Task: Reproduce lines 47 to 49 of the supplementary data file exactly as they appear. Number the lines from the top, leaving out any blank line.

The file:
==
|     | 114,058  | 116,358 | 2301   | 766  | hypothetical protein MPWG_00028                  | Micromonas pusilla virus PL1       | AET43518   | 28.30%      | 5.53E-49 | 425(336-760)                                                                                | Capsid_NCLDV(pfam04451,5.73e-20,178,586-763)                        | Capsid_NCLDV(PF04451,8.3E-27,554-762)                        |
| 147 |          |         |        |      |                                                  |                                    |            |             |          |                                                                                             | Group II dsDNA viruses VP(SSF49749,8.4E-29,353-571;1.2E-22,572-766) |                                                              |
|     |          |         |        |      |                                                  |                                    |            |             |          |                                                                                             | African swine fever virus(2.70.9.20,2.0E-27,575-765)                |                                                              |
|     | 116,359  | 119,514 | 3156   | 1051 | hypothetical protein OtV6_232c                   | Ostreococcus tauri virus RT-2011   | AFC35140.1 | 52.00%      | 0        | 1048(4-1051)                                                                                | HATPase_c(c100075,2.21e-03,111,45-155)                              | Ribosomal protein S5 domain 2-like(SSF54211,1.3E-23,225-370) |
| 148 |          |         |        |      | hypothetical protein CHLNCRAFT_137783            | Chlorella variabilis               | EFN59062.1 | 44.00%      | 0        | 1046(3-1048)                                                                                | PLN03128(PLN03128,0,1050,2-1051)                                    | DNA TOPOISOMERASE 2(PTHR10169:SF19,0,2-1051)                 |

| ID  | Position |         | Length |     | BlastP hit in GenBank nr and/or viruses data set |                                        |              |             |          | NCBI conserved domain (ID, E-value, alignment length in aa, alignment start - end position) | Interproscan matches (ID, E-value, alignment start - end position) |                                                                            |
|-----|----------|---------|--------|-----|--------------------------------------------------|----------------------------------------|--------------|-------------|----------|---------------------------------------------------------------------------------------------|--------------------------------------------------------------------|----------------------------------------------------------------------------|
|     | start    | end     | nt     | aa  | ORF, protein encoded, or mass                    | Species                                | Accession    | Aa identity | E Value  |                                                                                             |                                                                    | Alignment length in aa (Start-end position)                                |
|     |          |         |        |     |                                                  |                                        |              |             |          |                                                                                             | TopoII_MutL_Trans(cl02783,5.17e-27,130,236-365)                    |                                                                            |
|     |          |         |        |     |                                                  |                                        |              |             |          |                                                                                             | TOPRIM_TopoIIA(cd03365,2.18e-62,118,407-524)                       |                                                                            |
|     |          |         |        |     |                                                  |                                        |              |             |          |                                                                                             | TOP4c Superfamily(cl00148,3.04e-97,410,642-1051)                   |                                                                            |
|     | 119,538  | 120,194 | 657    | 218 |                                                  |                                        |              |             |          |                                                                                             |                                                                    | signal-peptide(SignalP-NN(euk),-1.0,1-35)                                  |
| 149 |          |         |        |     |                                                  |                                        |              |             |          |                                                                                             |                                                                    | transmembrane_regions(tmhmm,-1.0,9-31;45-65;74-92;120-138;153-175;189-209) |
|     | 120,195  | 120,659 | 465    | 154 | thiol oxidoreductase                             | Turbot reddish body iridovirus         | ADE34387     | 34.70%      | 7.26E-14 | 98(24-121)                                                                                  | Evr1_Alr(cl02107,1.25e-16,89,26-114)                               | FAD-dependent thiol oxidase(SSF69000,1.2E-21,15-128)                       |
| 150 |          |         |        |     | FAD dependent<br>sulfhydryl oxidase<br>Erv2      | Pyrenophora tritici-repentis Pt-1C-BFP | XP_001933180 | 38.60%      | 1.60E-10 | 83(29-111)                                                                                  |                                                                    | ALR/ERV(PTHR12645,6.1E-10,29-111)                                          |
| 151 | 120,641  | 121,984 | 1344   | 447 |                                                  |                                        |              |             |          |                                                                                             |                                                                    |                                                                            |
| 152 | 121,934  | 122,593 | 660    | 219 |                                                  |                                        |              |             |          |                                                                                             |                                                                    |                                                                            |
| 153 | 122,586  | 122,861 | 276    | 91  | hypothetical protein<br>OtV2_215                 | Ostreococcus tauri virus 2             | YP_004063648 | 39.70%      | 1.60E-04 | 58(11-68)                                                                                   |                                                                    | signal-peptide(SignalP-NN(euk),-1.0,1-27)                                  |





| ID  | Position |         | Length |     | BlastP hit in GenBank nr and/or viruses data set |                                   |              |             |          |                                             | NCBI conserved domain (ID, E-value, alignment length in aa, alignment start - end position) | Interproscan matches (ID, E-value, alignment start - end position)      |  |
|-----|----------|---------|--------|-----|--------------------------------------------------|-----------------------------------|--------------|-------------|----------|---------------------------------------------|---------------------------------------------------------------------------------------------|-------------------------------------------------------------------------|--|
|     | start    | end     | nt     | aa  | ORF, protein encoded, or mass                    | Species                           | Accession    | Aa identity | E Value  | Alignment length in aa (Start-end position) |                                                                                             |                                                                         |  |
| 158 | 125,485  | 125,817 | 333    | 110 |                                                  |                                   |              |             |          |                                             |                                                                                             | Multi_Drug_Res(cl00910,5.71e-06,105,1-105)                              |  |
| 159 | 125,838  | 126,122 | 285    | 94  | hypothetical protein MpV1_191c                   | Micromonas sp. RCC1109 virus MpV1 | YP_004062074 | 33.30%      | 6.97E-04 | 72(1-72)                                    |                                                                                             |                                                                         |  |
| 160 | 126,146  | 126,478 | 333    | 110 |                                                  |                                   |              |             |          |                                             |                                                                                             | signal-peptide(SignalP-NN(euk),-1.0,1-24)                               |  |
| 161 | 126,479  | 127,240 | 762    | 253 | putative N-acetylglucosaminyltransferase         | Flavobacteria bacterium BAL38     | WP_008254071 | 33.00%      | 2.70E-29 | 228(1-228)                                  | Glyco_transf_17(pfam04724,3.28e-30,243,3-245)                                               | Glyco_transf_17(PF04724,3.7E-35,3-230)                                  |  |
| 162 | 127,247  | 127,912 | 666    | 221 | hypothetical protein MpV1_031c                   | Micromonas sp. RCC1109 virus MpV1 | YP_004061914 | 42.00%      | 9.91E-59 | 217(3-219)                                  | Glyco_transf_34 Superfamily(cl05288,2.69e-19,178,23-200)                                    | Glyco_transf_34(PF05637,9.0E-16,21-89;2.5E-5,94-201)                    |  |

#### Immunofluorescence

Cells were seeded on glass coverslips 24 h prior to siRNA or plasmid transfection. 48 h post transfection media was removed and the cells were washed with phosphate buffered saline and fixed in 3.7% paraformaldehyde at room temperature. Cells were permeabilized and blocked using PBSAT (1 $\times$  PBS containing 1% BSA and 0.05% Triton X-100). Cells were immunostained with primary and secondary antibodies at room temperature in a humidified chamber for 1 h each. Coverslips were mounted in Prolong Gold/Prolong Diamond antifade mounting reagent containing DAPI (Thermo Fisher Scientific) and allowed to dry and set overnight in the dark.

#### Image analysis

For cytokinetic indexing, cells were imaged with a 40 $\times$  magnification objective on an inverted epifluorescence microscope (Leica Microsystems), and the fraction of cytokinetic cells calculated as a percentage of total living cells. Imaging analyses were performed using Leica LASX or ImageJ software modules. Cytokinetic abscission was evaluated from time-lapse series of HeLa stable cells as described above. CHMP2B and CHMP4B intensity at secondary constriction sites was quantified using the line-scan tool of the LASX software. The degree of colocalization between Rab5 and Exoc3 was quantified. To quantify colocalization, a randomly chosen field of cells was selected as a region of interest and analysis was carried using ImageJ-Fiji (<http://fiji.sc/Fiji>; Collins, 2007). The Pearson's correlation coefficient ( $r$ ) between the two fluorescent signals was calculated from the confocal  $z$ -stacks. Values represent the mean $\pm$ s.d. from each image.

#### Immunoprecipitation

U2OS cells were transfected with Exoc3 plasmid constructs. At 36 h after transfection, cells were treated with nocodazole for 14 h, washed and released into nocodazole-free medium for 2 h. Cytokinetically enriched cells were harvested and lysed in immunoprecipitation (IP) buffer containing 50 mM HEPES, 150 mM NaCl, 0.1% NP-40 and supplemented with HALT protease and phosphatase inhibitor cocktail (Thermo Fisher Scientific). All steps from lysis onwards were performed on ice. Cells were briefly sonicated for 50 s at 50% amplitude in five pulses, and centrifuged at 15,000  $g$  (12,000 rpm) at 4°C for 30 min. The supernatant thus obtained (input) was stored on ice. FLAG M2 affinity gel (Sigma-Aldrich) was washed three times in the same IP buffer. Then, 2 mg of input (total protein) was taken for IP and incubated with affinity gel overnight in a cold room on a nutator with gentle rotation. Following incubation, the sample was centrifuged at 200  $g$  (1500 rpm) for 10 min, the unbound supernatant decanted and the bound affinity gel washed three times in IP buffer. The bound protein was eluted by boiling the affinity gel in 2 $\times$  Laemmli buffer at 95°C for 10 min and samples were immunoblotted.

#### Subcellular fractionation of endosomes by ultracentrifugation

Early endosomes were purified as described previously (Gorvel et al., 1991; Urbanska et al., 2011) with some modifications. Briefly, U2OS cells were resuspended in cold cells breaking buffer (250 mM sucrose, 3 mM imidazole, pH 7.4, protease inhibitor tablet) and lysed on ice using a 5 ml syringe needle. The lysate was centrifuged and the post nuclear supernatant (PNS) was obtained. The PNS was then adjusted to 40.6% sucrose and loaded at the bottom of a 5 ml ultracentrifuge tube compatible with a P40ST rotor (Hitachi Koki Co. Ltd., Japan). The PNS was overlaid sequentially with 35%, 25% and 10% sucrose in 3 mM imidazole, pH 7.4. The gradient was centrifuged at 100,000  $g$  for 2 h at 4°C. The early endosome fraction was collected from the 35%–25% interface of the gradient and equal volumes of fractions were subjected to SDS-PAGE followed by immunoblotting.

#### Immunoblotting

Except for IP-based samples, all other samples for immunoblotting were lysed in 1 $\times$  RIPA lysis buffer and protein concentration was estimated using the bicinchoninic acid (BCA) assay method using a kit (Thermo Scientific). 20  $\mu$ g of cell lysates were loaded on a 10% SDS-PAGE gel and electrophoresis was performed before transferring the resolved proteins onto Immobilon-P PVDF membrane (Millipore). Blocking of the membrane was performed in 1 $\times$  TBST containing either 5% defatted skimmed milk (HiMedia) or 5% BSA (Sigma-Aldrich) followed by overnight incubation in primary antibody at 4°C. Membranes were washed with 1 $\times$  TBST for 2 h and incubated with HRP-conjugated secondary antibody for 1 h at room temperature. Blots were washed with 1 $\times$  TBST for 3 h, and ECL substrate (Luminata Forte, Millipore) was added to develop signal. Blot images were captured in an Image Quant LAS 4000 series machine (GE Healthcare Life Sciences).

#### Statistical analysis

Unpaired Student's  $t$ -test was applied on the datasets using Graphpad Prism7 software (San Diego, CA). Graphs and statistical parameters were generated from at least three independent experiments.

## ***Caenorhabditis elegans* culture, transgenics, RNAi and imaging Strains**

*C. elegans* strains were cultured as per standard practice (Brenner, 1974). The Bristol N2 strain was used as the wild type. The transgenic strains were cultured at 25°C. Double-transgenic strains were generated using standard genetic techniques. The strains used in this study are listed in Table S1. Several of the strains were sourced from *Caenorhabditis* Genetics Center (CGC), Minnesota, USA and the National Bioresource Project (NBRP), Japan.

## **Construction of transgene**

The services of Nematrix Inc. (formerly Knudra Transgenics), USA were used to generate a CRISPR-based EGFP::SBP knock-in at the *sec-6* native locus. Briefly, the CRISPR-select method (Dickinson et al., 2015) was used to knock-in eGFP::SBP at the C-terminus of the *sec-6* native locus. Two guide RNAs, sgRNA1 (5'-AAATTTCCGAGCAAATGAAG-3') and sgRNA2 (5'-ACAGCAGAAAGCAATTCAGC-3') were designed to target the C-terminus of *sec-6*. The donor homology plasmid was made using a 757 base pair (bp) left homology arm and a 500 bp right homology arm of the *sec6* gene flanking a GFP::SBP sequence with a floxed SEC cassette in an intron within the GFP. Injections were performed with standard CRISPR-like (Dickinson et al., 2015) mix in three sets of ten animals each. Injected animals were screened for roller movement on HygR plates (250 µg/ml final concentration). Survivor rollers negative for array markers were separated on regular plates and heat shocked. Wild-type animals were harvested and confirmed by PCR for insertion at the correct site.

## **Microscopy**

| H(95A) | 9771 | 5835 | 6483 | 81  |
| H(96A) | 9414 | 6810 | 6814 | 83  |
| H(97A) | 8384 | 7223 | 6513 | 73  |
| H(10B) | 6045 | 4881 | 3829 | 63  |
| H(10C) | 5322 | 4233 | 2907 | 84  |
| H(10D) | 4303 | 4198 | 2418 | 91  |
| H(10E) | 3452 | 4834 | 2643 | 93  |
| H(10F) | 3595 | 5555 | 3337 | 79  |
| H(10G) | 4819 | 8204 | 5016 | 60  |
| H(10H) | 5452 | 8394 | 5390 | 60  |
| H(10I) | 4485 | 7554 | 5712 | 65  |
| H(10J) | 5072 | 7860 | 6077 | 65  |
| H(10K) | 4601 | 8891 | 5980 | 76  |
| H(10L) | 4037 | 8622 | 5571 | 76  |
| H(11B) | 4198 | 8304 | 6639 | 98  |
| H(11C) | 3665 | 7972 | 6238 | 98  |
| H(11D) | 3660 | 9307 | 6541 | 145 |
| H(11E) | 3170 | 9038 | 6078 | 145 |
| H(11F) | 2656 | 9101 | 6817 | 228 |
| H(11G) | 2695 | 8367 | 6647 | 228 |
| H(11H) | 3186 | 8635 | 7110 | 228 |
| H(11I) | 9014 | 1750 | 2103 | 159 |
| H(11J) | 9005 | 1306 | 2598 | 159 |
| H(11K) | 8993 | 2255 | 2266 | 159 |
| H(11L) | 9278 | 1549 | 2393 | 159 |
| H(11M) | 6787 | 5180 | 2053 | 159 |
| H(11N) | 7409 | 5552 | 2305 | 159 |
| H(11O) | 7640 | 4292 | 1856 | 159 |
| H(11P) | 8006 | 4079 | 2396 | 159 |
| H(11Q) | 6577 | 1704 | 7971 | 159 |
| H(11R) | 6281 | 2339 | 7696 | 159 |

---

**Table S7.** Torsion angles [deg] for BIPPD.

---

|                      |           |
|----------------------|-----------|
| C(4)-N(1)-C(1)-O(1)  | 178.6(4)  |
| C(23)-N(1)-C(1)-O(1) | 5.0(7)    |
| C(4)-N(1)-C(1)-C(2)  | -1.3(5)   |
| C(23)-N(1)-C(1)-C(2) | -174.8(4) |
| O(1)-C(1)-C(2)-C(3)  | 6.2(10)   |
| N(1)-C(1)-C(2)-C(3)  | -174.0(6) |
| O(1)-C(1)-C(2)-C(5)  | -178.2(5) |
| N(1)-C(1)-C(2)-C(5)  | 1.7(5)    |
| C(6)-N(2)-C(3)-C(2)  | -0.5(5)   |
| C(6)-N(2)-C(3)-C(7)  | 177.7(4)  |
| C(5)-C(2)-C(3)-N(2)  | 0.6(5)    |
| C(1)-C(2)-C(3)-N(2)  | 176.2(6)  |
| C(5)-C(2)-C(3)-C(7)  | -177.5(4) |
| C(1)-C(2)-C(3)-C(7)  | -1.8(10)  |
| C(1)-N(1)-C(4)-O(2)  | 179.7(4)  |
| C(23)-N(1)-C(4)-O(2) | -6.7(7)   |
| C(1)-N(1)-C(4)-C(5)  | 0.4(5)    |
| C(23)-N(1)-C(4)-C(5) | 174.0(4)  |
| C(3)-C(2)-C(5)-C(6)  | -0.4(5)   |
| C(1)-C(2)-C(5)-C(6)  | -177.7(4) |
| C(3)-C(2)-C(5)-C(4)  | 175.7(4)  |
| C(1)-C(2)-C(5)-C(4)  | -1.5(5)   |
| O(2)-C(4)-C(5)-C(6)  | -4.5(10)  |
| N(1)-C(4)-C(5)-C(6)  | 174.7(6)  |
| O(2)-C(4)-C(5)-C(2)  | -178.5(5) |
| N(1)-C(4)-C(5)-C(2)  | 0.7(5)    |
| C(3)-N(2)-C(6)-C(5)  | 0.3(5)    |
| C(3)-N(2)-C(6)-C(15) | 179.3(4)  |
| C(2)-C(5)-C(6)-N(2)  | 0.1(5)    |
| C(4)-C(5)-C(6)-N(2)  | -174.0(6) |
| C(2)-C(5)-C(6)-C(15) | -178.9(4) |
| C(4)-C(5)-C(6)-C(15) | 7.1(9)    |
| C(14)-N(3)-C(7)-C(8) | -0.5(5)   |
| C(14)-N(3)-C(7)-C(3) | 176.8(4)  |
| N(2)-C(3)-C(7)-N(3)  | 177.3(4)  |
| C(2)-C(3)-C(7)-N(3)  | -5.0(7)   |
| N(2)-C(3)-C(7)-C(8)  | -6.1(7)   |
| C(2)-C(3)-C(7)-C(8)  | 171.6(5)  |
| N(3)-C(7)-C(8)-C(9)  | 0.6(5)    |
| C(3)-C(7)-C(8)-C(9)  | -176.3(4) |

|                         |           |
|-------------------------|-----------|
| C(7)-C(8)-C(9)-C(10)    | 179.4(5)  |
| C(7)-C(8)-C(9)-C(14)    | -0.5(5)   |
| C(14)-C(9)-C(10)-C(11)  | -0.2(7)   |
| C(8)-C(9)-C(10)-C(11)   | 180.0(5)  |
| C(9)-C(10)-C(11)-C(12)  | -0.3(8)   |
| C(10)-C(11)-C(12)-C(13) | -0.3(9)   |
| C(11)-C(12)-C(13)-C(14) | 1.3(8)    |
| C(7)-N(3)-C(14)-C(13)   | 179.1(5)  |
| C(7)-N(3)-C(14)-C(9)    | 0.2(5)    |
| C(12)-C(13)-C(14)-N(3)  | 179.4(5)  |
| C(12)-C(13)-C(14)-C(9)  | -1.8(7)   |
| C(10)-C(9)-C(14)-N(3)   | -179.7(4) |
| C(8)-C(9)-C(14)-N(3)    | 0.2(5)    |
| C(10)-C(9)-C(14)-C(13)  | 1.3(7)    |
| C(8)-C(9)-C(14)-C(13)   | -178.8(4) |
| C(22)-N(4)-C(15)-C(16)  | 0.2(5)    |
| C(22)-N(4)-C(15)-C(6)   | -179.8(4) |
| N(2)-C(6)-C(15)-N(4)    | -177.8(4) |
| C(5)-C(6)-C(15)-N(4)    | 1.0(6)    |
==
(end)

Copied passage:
| H(10B) | 6045 | 4881 | 3829 | 63  |
| H(10C) | 5322 | 4233 | 2907 | 84  |
| H(10D) | 4303 | 4198 | 2418 | 91  |